# Electric potential on concentric spheres

1. Jan 22, 2015

### carllacan

1. The problem statement, all variables and given/known data
A metallic sphere at $\phi = 0$ is surrounded by a spherical layer with charge density $\rho$. Find the potential at every point.
https://photos-6.dropbox.com/t/2/AACuekw5jWy2n0tNfMqPRKoakoEdSj24JOvheq4J6XNWRQ/12/28182931/png/1024x768/3/1421928000/0/2/spheres.png/CJOTuA0gAyACIAEoAigB/g4S2DgYrMDWxMbOXqlP8kHX8klBkIjXPbCRua9GoiiQ [Broken]
2. Relevant equations

3. The attempt at a solution
The central zone is just 0.

The potential in the yellow zone could be calculated assuming there is no charge in the grey zone, since that distribution would give the same boundary condition in the interior surface of the yellow zone, that is, $\phi = 0$. However I don't know the potential in the outer surface, so I'm not sure if I can do that.

Is there anyway to find the potential at the outer surface?

Last edited by a moderator: May 7, 2017
2. Jan 22, 2015

### BvU

To answer your last question: Yes there is. Find a relevant equation and work it out ;) . (sorry, this is PF culture -- and rule)

But to make a step back: $\phi=0$ does not mean charge = 0 !

If there were no grey sphere, would you be able to work out $\phi$ ? How ?

3. Jan 22, 2015

### carllacan

I would use Gauss' Law to find the E normal to the sphere and then derive to get the potential. But if I have the grey sphere, whose charge I don't know, I don't know the internal total charge, and therefore Gauss is useless. Any method I can't think of requires that I know the charge on the grey zone...

The only thing I can think of is as follows: the charge on the yellow grey zone is all the charge there is outside the yellow sphere, so with Gauss'Law I can get the potential that would be in the interior sphere if it way empty. Then the charge distribution that creates the opposite potential is the charge in the grey zone. Does that make any sense?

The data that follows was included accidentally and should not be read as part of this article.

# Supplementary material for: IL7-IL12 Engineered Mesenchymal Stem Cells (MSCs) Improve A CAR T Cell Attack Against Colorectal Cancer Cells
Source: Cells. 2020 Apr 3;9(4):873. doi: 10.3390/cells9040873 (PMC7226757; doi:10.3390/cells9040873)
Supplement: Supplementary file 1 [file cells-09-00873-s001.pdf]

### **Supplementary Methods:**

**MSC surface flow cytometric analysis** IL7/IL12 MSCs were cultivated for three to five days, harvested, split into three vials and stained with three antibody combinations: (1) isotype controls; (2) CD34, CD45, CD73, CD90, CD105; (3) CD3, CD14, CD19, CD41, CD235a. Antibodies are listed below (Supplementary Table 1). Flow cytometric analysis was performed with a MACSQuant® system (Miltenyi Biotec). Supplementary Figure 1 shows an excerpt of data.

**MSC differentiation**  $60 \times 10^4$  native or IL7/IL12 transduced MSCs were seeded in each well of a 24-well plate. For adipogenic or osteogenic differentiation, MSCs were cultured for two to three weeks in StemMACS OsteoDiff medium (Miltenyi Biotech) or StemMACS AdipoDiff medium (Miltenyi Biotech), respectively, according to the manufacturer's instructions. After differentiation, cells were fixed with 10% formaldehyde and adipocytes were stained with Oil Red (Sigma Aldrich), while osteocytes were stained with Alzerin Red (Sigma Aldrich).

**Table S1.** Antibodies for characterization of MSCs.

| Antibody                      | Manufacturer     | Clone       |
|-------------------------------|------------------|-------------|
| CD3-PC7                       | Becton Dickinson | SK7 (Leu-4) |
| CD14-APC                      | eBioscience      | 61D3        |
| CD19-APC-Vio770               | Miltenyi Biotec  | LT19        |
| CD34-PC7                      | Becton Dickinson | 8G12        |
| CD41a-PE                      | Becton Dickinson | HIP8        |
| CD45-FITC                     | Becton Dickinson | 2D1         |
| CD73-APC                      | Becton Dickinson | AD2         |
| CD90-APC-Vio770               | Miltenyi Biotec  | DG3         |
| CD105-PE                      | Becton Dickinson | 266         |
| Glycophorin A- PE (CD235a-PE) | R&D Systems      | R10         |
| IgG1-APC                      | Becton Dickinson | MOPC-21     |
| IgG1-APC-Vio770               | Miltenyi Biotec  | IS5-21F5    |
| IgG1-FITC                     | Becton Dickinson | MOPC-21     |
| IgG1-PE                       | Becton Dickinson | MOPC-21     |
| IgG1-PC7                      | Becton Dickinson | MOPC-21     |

Last edited: Jan 22, 2015
4. Jan 22, 2015

### BvU

you mean integrate.

Yes. Very much so. Small correction: "all the charge there is outside the yellow sphere," -- you mean grey sphere.

Remember the characteristics of a conductor: $\phi$ = constant (so that E = 0. if it weren't then the mobile charges in the conductor would move until it is). On the other hand, they can't move off the conductor, so at the boundary you can have a surface charge.
This means that a simple charged spherical conductor has all the charge evenly distributed on the surface.

Go to work and see what comes out ! Good luck!

5. Jan 23, 2015

### carllacan

Ok, I've found mathematically that a charge in the center of the grey sphere equal to the total charge on the yellow zone would produce a null potential in the interior zone, which in retrospect seems obvious. But that means, according to Gauss' Law, that $\phi(r>b) = 0$, since the total charge in $r<b$ is zero.

So, if both boundary surfaces of the yellow zone have $\phi = 0$ and the potential function has no local maxima or minima, then the $\phi_{yellow} = 0$, is that possible?

6. Jan 23, 2015

### BvU

Whoa, going the wrong way. may be my fault. $\phi \;( r<a )= 0$ but the yellow sphere attracts opposite charge that sits on the surface of the conducting sphere. And the charge in the yellow zone does generate a field ! a= 0 is here

7. Jan 23, 2015

### carllacan

But if there is charge in the surface on the conducting sphere that's the opposite of the charge in the yellow sphere then the total charge inside the whole sphere ($r < b$) is zero, which means $\phi(r>b) = 0$. Am I correct so far?

8. Jan 23, 2015

### BvU

Yes. I am clearly painting myself into a corner now. I want $\phi = 0$ at $r\rightarrow \infty$ and also for $0<r<a$. The former I get from $\rho \ne 0$ in $a<r<b$. So in case there is no conducting sphere
$$E = 0 \qquad r<a$$ $$E = {\rho \over\epsilon_0} \; {{4\over 3}\pi (r^3-a^3) \over 4\pi r^2} \qquad a<r<b$$ $$E = {\rho\over \epsilon_0} \; {{4\over 3}\pi (b^3-a^3) \over 4\pi r^2} = {Q\over 4\pi \epsilon_0 r^2}\qquad b<r$$
: Must have been seeping already. I took b to stand for the outer radius of the whole thing instead of the thickness.
So where it says b read a+b
(Our Original poster seems inclined to make the same mistake..)

But this gives me $\phi \ne 0$ for $0<r<a$

Now what with the conducting sphere to get $\phi = 0$ for $0<r<a$ ?

Too late on the clock to clear this up; bedtime -- sorry, perhaps tomorrow. Perhaps someone else ?

Last edited: Jan 24, 2015
9. Jan 24, 2015

### ehild

Assume some charge q on the metal sphere and find the electric field in terms of it both for a<r<(a+b) and r > a+b. Determine the potential in the layer and outside it and match them at the outer surface. You can find q from the continuity of the potential.